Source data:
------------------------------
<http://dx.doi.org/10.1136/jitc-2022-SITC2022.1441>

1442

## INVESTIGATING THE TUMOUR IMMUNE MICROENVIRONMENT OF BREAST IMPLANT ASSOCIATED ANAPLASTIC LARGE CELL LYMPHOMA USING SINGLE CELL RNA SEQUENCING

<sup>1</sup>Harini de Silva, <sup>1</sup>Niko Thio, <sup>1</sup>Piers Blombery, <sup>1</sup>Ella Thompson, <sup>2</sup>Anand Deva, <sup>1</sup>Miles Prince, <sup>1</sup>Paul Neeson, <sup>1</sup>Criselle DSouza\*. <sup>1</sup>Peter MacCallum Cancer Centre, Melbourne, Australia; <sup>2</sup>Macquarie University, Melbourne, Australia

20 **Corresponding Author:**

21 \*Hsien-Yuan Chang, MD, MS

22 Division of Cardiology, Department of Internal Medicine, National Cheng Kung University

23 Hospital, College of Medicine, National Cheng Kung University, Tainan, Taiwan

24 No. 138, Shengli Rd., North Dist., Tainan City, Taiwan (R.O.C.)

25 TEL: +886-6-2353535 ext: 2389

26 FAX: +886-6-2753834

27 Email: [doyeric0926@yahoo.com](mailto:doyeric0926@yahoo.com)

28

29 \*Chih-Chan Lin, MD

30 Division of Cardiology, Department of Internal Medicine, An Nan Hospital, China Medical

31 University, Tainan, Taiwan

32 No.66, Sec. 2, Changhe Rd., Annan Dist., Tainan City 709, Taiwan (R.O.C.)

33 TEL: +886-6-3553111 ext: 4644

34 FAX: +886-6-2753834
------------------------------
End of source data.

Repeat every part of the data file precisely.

<http://dx.doi.org/10.1136/jitc-2022-SITC2022.1441>

1442

## INVESTIGATING THE TUMOUR IMMUNE MICROENVIRONMENT OF BREAST IMPLANT ASSOCIATED ANAPLASTIC LARGE CELL LYMPHOMA USING SINGLE CELL RNA SEQUENCING

<sup>1</sup>Harini de Silva, <sup>1</sup>Niko Thio, <sup>1</sup>Piers Blombery, <sup>1</sup>Ella Thompson, <sup>2</sup>Anand Deva, <sup>1</sup>Miles Prince, <sup>1</sup>Paul Neeson, <sup>1</sup>Criselle DSouza\*. <sup>1</sup>Peter MacCallum Cancer Centre, Melbourne, Australia; <sup>2</sup>Macquarie University, Melbourne, Australia

20 **Corresponding Author:**

21 \*Hsien-Yuan Chang, MD, MS

22 Division of Cardiology, Department of Internal Medicine, National Cheng Kung University

23 Hospital, College of Medicine, National Cheng Kung University, Tainan, Taiwan

24 No. 138, Shengli Rd., North Dist., Tainan City, Taiwan (R.O.C.)

25 TEL: +886-6-2353535 ext: 2389

26 FAX: +886-6-2753834

27 Email: [doyeric0926@yahoo.com](mailto:doyeric0926@yahoo.com)

28

29 \*Chih-Chan Lin, MD

30 Division of Cardiology, Department of Internal Medicine, An Nan Hospital, China Medical

31 University, Tainan, Taiwan

32 No.66, Sec. 2, Changhe Rd., Annan Dist., Tainan City 709, Taiwan (R.O.C.)

33 TEL: +886-6-3553111 ext: 4644

34 FAX: +886-6-2753834